Saturday morning I was standing on the North Shore with 700 other swim cap clad racers, wondering whether or not I was going to be the last person to finish the 1 mile open ocean swim from Sunset Beach to Pipeline. I’d be a disgrace to my profession! I trained for this race on the South Shore, doing laps at Kaimana, but I had never swam this route before and I was very nervous. I’m a super slow swimmer, and to be honest the ocean freaks me out a little; I don’t like being at the mercy of the current and waves when I’m in the water.
This race had an water start, and the men and women were divided into two waves. My stomach was doing somersaults as I swam out to the buoys. Just as I arrived, the second start went off and all of the women started swimming past me. After the first 15 minutes, the majority of the pack had sped off out of my line of vision. It was just me, a handful of other stragglers, and the entire ocean safety squad keeping a close eye on us.
Everything was fine, and I was cruising along at my steady, yet slow pace until I hit Rocky Point. In the summer the North Shore of Oahu basically flat; big waves make their appearance in the winter. So the waves that were breaking at Rocky Point this weekend were teeny tiny by North Shore surf standards, but swimming through waves is an entirely different story! I kept being pushed around by the water and the current was kicking up a bit too. I felt like the reef below me wasn’t going anywhere, and I was getting really frustrated.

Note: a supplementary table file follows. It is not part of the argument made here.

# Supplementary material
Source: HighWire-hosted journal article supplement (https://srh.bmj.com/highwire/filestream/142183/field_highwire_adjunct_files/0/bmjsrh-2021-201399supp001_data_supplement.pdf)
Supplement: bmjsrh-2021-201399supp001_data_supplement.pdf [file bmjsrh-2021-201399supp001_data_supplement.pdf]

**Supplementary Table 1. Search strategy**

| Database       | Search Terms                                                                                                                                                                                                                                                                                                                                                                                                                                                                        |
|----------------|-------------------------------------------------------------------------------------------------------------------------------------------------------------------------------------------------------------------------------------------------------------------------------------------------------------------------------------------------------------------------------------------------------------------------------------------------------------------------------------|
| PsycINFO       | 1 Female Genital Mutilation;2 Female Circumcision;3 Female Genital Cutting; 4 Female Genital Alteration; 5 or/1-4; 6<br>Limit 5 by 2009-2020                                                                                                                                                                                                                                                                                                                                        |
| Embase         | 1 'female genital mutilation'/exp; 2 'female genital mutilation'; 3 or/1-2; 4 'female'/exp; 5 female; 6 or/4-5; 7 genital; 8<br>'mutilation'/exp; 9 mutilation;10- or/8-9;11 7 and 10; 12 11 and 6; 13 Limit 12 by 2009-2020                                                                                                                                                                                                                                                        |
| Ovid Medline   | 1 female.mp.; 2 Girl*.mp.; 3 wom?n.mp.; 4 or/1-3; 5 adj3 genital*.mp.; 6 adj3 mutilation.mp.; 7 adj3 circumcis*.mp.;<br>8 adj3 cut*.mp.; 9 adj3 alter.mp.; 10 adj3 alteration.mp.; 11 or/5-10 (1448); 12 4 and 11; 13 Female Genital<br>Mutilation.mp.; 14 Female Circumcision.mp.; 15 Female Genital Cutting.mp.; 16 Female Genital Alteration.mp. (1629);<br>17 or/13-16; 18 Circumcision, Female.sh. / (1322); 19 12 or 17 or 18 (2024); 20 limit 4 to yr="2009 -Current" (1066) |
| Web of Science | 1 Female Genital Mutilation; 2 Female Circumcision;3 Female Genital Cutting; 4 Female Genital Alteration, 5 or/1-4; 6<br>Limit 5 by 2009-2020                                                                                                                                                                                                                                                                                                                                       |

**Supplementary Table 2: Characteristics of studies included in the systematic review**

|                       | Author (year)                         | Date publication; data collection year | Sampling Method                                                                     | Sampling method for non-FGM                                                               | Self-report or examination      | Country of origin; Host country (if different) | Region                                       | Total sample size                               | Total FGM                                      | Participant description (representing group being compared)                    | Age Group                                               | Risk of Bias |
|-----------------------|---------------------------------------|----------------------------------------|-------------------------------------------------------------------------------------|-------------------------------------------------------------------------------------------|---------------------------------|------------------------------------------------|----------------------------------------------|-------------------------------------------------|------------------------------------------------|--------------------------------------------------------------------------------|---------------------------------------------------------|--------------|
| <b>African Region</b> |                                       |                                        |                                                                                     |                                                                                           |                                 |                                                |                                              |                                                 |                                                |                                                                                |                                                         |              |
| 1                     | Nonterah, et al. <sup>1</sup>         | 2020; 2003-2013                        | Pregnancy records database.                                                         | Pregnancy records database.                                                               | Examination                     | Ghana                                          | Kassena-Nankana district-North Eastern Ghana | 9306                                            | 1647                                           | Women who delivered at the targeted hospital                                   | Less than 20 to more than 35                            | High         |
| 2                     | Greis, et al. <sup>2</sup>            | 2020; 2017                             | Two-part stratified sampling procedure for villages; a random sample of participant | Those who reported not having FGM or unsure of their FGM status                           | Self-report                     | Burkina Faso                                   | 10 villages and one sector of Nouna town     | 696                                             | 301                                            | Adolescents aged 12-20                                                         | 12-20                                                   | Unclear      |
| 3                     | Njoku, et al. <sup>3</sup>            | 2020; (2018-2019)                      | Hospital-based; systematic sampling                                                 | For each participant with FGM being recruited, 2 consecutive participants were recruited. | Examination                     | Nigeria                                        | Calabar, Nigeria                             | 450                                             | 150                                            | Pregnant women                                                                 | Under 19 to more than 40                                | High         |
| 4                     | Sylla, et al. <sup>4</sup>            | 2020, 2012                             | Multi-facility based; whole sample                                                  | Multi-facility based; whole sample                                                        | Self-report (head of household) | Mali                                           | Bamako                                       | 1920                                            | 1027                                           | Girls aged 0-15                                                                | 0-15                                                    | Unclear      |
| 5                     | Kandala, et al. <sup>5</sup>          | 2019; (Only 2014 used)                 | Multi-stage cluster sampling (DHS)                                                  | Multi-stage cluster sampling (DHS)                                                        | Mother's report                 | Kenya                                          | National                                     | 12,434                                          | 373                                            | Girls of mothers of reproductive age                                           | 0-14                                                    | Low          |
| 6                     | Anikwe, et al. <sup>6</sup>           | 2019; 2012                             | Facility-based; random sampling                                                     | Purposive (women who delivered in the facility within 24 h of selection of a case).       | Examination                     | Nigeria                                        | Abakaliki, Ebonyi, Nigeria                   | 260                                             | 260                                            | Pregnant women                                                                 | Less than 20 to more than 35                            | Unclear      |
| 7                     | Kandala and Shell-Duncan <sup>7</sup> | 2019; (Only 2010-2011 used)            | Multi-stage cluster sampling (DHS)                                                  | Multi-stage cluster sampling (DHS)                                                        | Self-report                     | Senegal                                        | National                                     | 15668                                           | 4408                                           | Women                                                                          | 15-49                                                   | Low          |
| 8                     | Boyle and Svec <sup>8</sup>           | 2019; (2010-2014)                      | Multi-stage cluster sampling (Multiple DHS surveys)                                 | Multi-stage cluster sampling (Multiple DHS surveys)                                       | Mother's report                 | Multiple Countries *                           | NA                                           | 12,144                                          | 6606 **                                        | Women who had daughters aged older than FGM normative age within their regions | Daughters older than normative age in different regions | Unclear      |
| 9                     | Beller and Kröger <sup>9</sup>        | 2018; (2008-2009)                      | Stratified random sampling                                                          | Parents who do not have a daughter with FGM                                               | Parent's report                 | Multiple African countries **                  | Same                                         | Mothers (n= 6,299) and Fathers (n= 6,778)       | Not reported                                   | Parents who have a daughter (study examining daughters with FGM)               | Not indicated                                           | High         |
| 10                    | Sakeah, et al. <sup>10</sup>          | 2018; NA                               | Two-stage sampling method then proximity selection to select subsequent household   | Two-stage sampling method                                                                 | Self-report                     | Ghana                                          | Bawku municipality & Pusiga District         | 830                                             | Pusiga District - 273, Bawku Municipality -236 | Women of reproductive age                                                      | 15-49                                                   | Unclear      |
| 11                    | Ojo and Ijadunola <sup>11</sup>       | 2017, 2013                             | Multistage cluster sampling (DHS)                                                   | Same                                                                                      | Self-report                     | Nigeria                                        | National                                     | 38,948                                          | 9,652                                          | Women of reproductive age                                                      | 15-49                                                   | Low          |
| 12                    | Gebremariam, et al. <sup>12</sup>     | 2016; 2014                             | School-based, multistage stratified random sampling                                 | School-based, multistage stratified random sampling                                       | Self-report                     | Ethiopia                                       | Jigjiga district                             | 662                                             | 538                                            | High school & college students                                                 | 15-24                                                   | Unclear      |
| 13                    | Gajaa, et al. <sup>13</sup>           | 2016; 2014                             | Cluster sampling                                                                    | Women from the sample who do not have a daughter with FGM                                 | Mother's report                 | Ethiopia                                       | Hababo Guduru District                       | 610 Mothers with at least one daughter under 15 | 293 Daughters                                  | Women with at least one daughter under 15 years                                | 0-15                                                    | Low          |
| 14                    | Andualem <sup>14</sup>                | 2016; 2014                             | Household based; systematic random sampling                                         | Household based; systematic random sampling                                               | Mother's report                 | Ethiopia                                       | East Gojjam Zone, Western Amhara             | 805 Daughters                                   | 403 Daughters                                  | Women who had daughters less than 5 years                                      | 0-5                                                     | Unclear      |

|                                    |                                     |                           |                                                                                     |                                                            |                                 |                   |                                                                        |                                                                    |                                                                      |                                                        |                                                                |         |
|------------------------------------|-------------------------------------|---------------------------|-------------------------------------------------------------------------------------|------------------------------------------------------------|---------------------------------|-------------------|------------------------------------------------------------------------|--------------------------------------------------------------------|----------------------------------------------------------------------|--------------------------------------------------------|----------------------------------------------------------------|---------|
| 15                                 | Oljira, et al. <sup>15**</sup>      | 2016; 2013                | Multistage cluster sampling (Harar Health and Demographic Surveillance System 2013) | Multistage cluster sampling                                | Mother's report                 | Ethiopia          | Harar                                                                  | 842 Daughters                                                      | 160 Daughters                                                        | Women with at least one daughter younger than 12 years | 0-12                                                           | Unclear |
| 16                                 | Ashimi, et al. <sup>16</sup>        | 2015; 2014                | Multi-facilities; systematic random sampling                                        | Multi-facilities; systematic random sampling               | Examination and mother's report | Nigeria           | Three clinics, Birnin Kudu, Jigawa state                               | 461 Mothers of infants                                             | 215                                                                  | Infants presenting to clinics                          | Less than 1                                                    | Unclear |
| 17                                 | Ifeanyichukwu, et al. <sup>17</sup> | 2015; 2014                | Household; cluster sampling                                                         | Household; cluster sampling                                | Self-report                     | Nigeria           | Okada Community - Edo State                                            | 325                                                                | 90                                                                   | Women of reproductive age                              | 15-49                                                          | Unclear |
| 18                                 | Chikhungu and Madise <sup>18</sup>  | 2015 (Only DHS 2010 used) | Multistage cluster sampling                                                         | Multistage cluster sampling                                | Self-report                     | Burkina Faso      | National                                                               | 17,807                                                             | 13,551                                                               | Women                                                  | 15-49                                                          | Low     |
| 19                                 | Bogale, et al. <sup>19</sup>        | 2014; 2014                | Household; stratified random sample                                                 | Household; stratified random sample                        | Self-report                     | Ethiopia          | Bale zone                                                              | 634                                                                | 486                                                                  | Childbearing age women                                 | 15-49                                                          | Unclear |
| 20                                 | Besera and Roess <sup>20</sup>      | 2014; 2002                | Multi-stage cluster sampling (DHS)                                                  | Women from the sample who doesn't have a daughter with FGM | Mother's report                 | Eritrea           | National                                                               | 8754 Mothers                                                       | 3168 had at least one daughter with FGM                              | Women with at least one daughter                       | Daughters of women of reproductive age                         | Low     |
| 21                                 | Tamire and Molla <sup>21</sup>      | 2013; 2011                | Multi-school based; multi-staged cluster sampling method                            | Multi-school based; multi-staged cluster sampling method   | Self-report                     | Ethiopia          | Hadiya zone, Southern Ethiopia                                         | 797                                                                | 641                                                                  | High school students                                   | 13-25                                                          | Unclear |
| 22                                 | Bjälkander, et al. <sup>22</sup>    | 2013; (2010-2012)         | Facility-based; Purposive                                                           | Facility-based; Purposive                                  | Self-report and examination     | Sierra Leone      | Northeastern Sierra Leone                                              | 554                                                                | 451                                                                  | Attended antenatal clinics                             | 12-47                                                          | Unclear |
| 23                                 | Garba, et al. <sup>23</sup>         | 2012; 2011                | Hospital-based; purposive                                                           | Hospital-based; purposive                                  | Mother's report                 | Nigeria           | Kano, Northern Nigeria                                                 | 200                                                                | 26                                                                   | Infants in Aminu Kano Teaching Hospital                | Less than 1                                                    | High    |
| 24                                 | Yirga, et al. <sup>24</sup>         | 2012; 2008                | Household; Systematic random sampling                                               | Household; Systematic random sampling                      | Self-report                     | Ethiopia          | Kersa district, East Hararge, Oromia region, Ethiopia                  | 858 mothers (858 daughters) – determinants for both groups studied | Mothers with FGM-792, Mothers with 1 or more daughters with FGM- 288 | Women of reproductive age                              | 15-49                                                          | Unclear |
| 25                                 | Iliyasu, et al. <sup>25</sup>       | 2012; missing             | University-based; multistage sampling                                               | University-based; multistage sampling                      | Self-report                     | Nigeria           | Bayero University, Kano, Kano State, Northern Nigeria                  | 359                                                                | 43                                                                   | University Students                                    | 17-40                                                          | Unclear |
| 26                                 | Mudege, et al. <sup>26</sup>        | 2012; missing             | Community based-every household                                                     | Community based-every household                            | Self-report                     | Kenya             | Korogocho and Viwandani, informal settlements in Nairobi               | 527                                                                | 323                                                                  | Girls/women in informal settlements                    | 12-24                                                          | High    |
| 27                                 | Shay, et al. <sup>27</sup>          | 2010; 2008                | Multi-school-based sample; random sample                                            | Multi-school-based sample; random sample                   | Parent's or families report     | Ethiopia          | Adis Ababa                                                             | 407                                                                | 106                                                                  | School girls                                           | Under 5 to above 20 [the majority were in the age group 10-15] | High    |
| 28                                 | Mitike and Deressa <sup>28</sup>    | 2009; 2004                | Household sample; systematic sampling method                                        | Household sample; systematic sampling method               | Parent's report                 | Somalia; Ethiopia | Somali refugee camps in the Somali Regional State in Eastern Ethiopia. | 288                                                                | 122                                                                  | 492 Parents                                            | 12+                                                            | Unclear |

Luckily, my now personal lifeguard was there to help direct me past the breaking waves. It was really difficult to figure out where I needed to go with the waves crashing over me. I rounded the point, and I could see the finish up ahead! But again it felt like the ocean was conspiring against me, and I wasn’t making any noticeable progress toward shore. I paused to tread water and take a quick break. And a brief cry into my goggles. I couldn’t get too emotional because I had to keep swimming! There was no way out of this except to finish, because I’d be dammed if I’d already been in the water 45 minutes and then gave up.
My lifeguard (and now my coach too) pointed out the finish line buoys up ahead. He encouraged me to keep going, that I was so close! I looked around and didn’t see ANYONE else in the water. “Am I last?” I asked him. He looked around behind him and shouted “No!” That was the last little push I needed! I sped (well sped for me, anyhow) past the buoys and fought the waves to run up onto the beach. I have never been so excited to be almost last in my life!
This race was really tough for me, both physically and mentally. I’m glad I did it, but I’m also glad it’s over!